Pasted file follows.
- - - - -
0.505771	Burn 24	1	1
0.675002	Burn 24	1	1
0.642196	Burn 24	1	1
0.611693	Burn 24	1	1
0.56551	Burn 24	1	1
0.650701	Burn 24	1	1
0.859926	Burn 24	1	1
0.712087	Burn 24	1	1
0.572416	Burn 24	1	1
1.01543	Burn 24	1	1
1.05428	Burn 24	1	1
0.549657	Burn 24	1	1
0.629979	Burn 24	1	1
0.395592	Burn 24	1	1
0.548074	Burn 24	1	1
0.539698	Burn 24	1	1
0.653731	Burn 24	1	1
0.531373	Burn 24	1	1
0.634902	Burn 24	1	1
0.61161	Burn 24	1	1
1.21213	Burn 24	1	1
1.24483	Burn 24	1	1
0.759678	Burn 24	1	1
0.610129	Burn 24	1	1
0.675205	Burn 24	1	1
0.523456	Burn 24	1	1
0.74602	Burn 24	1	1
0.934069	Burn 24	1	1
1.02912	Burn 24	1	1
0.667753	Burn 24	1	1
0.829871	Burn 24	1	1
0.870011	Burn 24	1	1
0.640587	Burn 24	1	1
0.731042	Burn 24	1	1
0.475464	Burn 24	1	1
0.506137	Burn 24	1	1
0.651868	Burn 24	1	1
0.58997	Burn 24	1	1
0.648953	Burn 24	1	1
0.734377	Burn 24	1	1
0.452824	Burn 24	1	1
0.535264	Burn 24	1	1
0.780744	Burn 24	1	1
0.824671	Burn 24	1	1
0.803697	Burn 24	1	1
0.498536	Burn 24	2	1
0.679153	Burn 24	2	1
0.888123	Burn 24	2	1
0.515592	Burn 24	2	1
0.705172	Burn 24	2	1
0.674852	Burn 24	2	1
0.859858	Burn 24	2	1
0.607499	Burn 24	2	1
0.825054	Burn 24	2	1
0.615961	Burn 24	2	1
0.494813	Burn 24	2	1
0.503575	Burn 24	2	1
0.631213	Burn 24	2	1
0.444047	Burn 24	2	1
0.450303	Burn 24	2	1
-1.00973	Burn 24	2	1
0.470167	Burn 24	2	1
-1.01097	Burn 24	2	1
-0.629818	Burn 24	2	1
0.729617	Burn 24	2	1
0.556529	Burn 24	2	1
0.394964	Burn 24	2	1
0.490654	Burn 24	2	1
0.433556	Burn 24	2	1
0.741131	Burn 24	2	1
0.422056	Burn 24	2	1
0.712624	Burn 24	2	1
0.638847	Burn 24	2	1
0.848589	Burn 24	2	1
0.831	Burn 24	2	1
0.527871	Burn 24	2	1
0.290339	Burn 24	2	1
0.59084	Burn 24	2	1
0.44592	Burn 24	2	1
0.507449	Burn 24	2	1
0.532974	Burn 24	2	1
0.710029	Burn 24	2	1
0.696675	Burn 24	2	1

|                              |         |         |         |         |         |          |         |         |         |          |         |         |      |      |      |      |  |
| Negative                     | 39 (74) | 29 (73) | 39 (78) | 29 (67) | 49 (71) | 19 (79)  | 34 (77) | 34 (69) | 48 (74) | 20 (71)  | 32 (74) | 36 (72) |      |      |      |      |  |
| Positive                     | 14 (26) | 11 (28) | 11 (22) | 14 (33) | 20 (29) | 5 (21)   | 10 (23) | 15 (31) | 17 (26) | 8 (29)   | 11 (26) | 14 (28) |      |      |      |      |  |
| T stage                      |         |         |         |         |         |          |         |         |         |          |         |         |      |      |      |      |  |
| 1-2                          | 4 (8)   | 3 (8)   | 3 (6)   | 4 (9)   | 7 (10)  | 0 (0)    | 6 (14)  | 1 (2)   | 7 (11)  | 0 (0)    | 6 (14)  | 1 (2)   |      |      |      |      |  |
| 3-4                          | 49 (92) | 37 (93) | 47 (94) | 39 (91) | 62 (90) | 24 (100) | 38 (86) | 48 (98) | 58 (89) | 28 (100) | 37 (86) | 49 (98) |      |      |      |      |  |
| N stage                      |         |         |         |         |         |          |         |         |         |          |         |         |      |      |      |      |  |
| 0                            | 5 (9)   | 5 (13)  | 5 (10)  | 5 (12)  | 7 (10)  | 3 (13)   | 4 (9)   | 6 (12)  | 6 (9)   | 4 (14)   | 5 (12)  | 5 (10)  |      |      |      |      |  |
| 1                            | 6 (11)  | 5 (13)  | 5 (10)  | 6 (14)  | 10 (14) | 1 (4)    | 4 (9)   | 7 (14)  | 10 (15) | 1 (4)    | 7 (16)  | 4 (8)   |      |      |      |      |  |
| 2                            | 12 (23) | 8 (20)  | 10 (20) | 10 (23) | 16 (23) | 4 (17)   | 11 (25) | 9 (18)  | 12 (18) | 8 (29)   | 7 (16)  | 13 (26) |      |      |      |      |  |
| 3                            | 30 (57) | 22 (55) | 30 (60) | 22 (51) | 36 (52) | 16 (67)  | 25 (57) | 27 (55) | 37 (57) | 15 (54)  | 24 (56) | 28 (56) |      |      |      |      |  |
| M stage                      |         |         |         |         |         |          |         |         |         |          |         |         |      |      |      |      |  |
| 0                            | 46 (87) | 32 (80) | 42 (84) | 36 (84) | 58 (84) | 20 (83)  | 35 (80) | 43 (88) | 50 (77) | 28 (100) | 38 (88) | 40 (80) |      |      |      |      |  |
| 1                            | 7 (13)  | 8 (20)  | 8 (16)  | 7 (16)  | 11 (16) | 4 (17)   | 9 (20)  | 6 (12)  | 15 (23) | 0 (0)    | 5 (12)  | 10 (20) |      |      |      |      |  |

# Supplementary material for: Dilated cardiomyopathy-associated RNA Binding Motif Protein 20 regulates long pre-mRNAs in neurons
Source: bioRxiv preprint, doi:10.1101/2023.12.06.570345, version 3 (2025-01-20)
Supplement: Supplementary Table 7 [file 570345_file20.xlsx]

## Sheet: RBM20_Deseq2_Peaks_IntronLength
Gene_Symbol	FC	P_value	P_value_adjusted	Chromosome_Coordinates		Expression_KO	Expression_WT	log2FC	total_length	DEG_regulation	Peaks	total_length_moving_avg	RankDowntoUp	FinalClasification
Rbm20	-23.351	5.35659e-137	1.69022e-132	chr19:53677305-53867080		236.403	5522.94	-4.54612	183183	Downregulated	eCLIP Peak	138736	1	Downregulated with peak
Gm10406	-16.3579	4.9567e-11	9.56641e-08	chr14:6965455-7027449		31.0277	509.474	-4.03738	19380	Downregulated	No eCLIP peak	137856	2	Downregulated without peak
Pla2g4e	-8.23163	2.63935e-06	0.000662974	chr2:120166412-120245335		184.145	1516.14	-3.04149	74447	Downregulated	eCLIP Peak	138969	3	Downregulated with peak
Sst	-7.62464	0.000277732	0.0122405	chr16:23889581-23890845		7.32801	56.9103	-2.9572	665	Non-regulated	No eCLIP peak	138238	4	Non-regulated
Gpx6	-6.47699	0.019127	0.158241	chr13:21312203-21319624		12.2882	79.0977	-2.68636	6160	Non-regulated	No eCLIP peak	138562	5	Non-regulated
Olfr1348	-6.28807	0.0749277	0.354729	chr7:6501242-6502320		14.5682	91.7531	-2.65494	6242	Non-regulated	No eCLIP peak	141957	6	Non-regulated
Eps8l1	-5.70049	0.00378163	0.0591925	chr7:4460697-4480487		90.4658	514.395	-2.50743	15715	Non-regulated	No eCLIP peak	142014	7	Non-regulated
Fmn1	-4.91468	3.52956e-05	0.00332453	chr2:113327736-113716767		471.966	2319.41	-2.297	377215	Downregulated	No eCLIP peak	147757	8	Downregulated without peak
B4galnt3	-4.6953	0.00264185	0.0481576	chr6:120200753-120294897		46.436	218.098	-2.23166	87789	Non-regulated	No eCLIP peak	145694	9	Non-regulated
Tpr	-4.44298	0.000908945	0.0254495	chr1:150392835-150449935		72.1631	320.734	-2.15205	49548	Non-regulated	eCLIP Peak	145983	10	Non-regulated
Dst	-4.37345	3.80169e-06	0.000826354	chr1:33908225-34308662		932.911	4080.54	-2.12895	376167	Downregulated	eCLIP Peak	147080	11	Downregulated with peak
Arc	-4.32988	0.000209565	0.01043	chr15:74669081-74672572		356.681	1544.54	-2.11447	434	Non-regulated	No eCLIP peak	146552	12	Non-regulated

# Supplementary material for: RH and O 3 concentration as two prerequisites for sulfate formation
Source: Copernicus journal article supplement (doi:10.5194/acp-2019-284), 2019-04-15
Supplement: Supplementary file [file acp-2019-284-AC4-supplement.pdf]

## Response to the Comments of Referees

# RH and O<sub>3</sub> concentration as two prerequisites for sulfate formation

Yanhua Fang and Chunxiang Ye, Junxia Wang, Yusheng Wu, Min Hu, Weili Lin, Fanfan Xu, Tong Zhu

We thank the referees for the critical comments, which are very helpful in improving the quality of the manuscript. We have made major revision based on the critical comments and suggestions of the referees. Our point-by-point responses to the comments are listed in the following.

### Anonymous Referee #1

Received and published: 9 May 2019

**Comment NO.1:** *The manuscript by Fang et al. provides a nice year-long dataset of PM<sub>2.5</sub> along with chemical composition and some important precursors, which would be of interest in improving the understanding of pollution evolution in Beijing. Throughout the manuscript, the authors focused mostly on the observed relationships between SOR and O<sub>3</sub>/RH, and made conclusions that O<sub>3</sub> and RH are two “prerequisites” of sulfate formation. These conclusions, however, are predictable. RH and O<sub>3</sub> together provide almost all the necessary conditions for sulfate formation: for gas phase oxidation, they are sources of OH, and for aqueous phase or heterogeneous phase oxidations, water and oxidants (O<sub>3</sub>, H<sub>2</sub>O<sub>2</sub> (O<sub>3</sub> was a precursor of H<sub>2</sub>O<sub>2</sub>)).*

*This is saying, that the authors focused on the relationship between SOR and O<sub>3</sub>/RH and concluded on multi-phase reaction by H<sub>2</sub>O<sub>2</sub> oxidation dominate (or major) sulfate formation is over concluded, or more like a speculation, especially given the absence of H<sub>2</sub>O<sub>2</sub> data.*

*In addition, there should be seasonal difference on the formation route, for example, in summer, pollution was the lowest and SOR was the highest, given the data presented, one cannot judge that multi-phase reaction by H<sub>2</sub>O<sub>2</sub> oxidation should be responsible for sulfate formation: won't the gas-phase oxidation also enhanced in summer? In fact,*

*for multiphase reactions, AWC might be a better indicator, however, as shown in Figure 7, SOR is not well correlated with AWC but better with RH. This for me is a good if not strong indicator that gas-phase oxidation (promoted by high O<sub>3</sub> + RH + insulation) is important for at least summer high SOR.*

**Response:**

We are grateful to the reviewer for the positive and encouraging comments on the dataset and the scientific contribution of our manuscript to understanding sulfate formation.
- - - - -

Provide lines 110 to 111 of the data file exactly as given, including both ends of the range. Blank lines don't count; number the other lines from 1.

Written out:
Fmn1	-4.91468	3.52956e-05	0.00332453	chr2:113327736-113716767		471.966	2319.41	-2.297	377215	Downregulated	No eCLIP peak	147757	8	Downregulated without peak
B4galnt3	-4.6953	0.00264185	0.0481576	chr6:120200753-120294897		46.436	218.098	-2.23166	87789	Non-regulated	No eCLIP peak	145694	9	Non-regulated